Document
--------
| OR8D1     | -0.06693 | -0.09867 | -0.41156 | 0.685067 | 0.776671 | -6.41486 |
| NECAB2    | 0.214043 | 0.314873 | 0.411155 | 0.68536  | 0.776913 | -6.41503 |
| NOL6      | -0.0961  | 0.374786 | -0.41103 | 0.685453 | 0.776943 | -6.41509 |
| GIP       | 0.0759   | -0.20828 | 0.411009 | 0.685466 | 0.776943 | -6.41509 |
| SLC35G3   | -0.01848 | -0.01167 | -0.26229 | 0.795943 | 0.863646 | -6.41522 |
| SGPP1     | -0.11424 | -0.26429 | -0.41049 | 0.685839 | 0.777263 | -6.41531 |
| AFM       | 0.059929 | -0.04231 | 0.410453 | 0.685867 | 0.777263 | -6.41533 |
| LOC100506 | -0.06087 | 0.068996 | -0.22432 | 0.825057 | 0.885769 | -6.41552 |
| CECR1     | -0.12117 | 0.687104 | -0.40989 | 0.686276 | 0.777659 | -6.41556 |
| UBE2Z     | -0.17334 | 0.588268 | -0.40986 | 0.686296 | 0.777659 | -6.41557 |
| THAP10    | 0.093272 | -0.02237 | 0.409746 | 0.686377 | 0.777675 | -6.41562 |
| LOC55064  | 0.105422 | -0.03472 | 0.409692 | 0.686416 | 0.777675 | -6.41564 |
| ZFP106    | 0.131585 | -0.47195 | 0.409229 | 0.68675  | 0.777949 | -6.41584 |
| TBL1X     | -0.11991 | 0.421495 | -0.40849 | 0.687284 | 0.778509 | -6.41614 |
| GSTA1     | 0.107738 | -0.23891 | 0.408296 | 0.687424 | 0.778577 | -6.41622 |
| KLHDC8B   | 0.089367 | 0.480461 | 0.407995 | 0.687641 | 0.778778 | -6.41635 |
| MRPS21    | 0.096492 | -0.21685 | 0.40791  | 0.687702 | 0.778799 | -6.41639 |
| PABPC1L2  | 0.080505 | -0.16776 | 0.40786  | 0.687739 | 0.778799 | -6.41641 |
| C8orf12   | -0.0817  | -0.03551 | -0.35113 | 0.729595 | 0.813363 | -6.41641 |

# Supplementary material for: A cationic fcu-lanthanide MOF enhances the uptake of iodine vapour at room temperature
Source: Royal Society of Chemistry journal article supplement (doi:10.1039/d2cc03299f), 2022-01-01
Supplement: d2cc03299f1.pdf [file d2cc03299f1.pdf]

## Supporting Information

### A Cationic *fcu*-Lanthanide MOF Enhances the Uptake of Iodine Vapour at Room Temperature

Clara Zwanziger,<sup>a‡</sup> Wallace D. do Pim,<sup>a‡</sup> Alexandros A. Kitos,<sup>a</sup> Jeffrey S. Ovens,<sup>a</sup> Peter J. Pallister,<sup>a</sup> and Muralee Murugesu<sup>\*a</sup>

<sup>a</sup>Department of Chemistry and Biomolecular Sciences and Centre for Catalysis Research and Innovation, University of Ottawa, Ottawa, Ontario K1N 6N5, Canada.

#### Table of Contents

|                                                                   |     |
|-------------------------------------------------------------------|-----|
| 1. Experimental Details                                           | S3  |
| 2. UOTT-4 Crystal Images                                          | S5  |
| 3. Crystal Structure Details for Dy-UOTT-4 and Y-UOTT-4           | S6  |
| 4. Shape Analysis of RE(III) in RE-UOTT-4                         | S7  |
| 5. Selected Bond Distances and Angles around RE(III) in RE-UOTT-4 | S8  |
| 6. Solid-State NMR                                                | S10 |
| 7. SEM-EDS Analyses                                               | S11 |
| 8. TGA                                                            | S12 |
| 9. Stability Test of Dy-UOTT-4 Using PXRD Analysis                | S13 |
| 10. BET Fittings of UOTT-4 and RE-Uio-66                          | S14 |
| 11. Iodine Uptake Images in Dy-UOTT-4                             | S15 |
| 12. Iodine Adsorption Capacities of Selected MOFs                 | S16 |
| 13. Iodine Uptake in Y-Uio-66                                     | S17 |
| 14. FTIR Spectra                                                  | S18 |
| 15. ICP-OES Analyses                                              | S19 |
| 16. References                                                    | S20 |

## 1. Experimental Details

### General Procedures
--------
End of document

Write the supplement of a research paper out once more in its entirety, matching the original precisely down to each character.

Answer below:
| OR8D1     | -0.06693 | -0.09867 | -0.41156 | 0.685067 | 0.776671 | -6.41486 |
| NECAB2    | 0.214043 | 0.314873 | 0.411155 | 0.68536  | 0.776913 | -6.41503 |
| NOL6      | -0.0961  | 0.374786 | -0.41103 | 0.685453 | 0.776943 | -6.41509 |
| GIP       | 0.0759   | -0.20828 | 0.411009 | 0.685466 | 0.776943 | -6.41509 |
| SLC35G3   | -0.01848 | -0.01167 | -0.26229 | 0.795943 | 0.863646 | -6.41522 |
| SGPP1     | -0.11424 | -0.26429 | -0.41049 | 0.685839 | 0.777263 | -6.41531 |
| AFM       | 0.059929 | -0.04231 | 0.410453 | 0.685867 | 0.777263 | -6.41533 |
| LOC100506 | -0.06087 | 0.068996 | -0.22432 | 0.825057 | 0.885769 | -6.41552 |
| CECR1     | -0.12117 | 0.687104 | -0.40989 | 0.686276 | 0.777659 | -6.41556 |
| UBE2Z     | -0.17334 | 0.588268 | -0.40986 | 0.686296 | 0.777659 | -6.41557 |
| THAP10    | 0.093272 | -0.02237 | 0.409746 | 0.686377 | 0.777675 | -6.41562 |
| LOC55064  | 0.105422 | -0.03472 | 0.409692 | 0.686416 | 0.777675 | -6.41564 |
| ZFP106    | 0.131585 | -0.47195 | 0.409229 | 0.68675  | 0.777949 | -6.41584 |
| TBL1X     | -0.11991 | 0.421495 | -0.40849 | 0.687284 | 0.778509 | -6.41614 |
| GSTA1     | 0.107738 | -0.23891 | 0.408296 | 0.687424 | 0.778577 | -6.41622 |
| KLHDC8B   | 0.089367 | 0.480461 | 0.407995 | 0.687641 | 0.778778 | -6.41635 |
| MRPS21    | 0.096492 | -0.21685 | 0.40791  | 0.687702 | 0.778799 | -6.41639 |
| PABPC1L2  | 0.080505 | -0.16776 | 0.40786  | 0.687739 | 0.778799 | -6.41641 |
| C8orf12   | -0.0817  | -0.03551 | -0.35113 | 0.729595 | 0.813363 | -6.41641 |

# Supplementary material for: A cationic fcu-lanthanide MOF enhances the uptake of iodine vapour at room temperature
Source: Royal Society of Chemistry journal article supplement (doi:10.1039/d2cc03299f), 2022-01-01
Supplement: d2cc03299f1.pdf [file d2cc03299f1.pdf]

## Supporting Information

### A Cationic *fcu*-Lanthanide MOF Enhances the Uptake of Iodine Vapour at Room Temperature

Clara Zwanziger,<sup>a‡</sup> Wallace D. do Pim,<sup>a‡</sup> Alexandros A. Kitos,<sup>a</sup> Jeffrey S. Ovens,<sup>a</sup> Peter J. Pallister,<sup>a</sup> and Muralee Murugesu<sup>\*a</sup>

<sup>a</sup>Department of Chemistry and Biomolecular Sciences and Centre for Catalysis Research and Innovation, University of Ottawa, Ottawa, Ontario K1N 6N5, Canada.

#### Table of Contents

|                                                                   |     |
|-------------------------------------------------------------------|-----|
| 1. Experimental Details                                           | S3  |
| 2. UOTT-4 Crystal Images                                          | S5  |
| 3. Crystal Structure Details for Dy-UOTT-4 and Y-UOTT-4           | S6  |
| 4. Shape Analysis of RE(III) in RE-UOTT-4                         | S7  |
| 5. Selected Bond Distances and Angles around RE(III) in RE-UOTT-4 | S8  |
| 6. Solid-State NMR                                                | S10 |
| 7. SEM-EDS Analyses                                               | S11 |
| 8. TGA                                                            | S12 |
| 9. Stability Test of Dy-UOTT-4 Using PXRD Analysis                | S13 |
| 10. BET Fittings of UOTT-4 and RE-Uio-66                          | S14 |
| 11. Iodine Uptake Images in Dy-UOTT-4                             | S15 |
| 12. Iodine Adsorption Capacities of Selected MOFs                 | S16 |
| 13. Iodine Uptake in Y-Uio-66                                     | S17 |
| 14. FTIR Spectra                                                  | S18 |
| 15. ICP-OES Analyses                                              | S19 |
| 16. References                                                    | S20 |

## 1. Experimental Details

### General Procedures